Villas Ozols Bill Killean Paul Craven
Gu’elp h Western Waterloo
Coach (tie): (.
Pete Curry Owen Jones Jim Cooke
Ddn Smith Dave Husson
Western - ,.Wa$erlod -3Va&$oo
to head on the final two points, for these six, with the help of a sleti of -determined and talented team-mates, put -on a great volleyball show at the PAC last Saturday that left the vocal fans delighted and unmindful of the wooden seats in th? PAC. * ..T+s Saturday, Waterloo hgsts. the York Y,eom,e&who posted ‘^a.1’3’2 rec&d’iri the OUAA East regular &aso&h& yeai, in what promists to be the match of the year in the PAC: it is unlikely that fans-at .that gtime’;wi-ll be paying much attention to the seating eithe,r. Gamet&eis9p.m.,and,thegame will betaped’by CHCHTV for future broadcast. -
Not much is knownabout the Gee Gee’sexcept that they have an Fxcellent cbach in Al Jeffrey, and that the teamhas been virtually unbeatable since Christmas when former national team player, Judy Szepesi, rejoined the team. Szepesi is a middle blocker, making *the match-up of -.- Szepesi against Purdon and-Skarecky one of the keys to \ the Ottawa/ Waterloo match tomorro.w’ at noon.
I Quecin’sGolden Gals ’ ,‘.< * Queen’s beat Waterloo in the Athena Inyitational in January, mostly due to an aggressive defe’nce and good power bitting up front. They are the weakest in the middle, and lack the variety of the other teams in the tournament, Queen’s is seen as the third best ofthefciurteams,and meet Waterloo at 7:30 tonight. Either team could win this one, and their records going in will probably have more to do with the outcome than anything. The Golden Gals’ biggest threat is Kaia Neflson, whom the Athenas will have to neutralize if they hope to ’ win.
York is easily the l&t kam,on paper, the only black markbeingtheirlosstoOttawa( 1 l-15,15-13, l5-13,15-8) on February 11th. York fias a good, &lid team with virtually no weaknesses, and are defending OWIAA champions, and lost only .one match all season. : Former National tea& middle blocker, Donna Kastelic, and setter Marla Taylor are the mdst dangerous members of the Yeowomen, who .have a good, fast attack through j the middle, and hit very well from the power corner, especially on sharp cross-court kills. ‘ ‘1 ’ The Yeowomen, coached by the assistant coach of the Senior National team, Merv M&her, are-obviou’sly going ’ to be hard to beat.
by don button7 Imprint staff Athena coach Pat Davis has ‘derised an interesting strategy for this week-end’s four team round-robin OWIAA volleyball championship. By beating McMaster in a tiebreaker two weeks ago, the Athenas won the right to host the tournament-styledtle, cand with it the rig-ht to select their opponent for their fir$ mat,@. D&vis.c.ho& the:,&crk YFoyo.meo for their first match(at l- I-:3? tl&&&&&g)~~~~~ York a?esthe%avorites to reIjeat as Ont?.rio Wdme$s’~~-‘lnterc’oll&‘&ate Aihlstic Asso&&n (OWIAA) /I champs. “If we beat Y ark, everybod-y ilse will be bkhind the eight b~all ” she reasoned, “and if ;we lose we khow we have to win our ot&& two “matches (agiinst Queen’s at 7130 tonight,, and against Ottawa at noon tom&-row)-t.o get-into t he,final.” “at least this way,,,)ye’ll know exactly where- we sta‘n$ throughout the tournament,” she addyd. : ,_ y .‘. It is a daringstrategy. fdr Waterloo, the’team ‘the ‘experts’ expect to finish fourth, but DaviS evaluated her team by saying that “with the the team we’ve,got this year, anything can happen’. We could-’ be first or fourth. Obviously, we’d need a superb, . . x.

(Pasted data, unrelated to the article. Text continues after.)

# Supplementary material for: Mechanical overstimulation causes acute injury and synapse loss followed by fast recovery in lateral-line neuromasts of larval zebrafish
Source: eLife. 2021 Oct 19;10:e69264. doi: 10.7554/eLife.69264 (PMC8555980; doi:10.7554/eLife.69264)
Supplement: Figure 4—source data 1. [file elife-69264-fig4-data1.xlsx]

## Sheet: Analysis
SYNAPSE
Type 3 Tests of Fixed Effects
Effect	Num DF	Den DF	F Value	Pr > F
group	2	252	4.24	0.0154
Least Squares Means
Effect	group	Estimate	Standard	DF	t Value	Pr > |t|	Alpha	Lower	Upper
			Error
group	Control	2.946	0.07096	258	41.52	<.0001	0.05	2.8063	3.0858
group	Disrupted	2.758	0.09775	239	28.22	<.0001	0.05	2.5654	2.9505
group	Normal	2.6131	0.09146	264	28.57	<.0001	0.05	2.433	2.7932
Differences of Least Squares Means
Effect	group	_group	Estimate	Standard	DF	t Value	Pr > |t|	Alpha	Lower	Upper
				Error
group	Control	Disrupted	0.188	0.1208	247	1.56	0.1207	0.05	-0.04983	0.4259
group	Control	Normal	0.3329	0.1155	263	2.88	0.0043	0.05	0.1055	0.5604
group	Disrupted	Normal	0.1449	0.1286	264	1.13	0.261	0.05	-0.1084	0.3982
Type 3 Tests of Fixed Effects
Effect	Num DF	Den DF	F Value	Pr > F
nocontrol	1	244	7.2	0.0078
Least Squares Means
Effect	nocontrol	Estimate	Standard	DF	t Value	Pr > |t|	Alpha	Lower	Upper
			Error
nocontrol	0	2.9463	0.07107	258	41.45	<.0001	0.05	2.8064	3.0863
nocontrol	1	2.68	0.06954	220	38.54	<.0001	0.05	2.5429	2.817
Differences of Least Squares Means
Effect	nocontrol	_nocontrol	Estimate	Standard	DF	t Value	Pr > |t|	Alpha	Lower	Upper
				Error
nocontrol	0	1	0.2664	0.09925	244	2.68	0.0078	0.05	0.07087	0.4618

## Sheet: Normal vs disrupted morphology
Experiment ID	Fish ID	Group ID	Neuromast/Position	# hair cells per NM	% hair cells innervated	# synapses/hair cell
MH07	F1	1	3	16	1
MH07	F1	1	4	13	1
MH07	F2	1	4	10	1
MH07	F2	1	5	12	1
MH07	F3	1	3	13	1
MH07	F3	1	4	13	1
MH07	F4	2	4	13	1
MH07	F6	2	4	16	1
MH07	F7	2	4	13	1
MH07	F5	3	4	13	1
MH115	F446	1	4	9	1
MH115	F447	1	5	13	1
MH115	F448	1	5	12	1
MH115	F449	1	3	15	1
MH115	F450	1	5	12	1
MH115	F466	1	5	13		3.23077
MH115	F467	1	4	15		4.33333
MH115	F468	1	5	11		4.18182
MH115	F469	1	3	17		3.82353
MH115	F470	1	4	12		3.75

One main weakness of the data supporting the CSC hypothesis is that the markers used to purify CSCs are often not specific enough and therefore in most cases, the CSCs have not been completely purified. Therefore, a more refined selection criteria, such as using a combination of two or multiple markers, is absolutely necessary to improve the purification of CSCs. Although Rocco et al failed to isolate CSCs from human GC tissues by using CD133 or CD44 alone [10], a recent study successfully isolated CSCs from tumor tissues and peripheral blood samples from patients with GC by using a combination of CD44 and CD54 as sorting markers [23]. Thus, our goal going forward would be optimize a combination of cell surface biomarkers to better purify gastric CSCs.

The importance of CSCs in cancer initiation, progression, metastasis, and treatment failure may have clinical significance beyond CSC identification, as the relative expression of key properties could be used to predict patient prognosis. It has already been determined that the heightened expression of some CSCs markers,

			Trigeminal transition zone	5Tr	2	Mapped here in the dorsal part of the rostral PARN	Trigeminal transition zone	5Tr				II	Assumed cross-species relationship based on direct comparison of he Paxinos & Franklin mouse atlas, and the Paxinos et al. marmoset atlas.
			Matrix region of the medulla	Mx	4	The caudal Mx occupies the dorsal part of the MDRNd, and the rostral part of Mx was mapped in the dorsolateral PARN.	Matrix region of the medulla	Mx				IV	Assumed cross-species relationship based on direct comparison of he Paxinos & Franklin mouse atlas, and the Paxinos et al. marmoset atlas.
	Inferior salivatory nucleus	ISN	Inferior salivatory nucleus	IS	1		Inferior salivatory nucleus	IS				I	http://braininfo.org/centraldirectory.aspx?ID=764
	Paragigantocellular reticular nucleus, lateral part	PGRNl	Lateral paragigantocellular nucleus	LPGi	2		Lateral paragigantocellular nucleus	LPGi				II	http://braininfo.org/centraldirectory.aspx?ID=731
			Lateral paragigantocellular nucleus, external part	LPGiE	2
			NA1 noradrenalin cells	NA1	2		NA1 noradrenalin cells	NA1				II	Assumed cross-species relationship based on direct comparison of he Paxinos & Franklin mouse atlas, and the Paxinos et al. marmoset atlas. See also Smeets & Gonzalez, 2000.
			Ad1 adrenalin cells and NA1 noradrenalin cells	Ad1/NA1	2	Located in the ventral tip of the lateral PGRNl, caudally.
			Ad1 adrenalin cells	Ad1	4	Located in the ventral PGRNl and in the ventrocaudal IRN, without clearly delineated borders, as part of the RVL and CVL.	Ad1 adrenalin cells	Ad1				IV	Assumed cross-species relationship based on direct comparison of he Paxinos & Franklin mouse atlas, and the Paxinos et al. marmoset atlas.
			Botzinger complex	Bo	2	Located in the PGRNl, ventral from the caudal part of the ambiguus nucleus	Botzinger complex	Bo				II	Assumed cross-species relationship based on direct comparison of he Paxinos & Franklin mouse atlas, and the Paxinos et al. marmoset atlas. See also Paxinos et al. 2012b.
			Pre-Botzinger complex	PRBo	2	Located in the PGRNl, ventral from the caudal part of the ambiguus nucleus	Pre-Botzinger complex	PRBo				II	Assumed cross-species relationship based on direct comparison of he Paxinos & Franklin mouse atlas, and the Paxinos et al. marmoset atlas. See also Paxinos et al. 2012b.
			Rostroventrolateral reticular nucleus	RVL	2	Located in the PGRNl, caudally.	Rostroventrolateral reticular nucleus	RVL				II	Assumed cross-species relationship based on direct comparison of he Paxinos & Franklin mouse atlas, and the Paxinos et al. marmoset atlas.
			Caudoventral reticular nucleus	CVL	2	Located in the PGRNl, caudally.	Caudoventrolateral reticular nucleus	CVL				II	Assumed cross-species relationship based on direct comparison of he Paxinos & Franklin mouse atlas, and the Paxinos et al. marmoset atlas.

_ superb effort .to finish first . . . and the’team is capableof it.” But while; Davisgave the standard answers to the standard questions, and refused to comment on queries about specif;ic strategy apprqaches, her confident. and somewhat sly manner suggested that she has something up her sleeve. .. iike’ the Athenas’ style of play, her decision to face York in And yet Davis, who has.been 2 their first patch is unorthodox. coaching ih&Athenas for 17 years, ,doesn’t make decisions Irk: that just.to $&no$thQdox. By$aying.Yorkfirst’: Davis wil: have the oppyort-unity’ $&but* he! two o&oLnents, Queen’s a&d Ottawa; -a?d .pbviu.~~~~.~b~nks:she has’ found something in th’e ,Y or$~g+pe t@ai iy, e~~~oiia~l~.~~” ,. Liste$ng to the ,e@&-ts,,. the: At-henas, or dnybody in the 5: ‘-tsii%tient’for tha’t hatiter, do@ have a chadce against the York Y&-women, ,ivho $oa the .‘Atheha Invitational in January of challenge frbtn the other ” wi$l$+t ,&e.r$he~slight&t‘nmrmur en&n,ts, Bpt listkning to Davis, t-here mightjust bean upset in t& a.>.makirig. And if the Athenas upset Y-ark, theymightjustgoall the way. 7 .’ It’s a big ‘if? all right, but ‘never-bet against a 17 year veteran &ach vriho slyly suggests that there is moirk to this week-end’s tournament than the way the fc+r teams loo/k:& pap&. L
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At OWIAA championship, Toronto 6 I, Waterloo 50 York 80. Waterloo 63
At OU AA championship. Feb. 17. 18: 1st - Waterloo (Glenn Howard. Paul Godward. Brad Watson. Tony Wagner).
/ EVENT NIGH-l-
Mystery Happy Hours Dancing from 9 p.m. - 1 a.m. Dancing from 9 p.m. - 1 a.m. Happy Hours from 3 p.m. - 5 p.m. International Breakfast 11 a.m. - 2 p.m. ‘Happy Hours from1 p.m. - 5 p.m. - Mom’s Roast Beef Dinner $5.95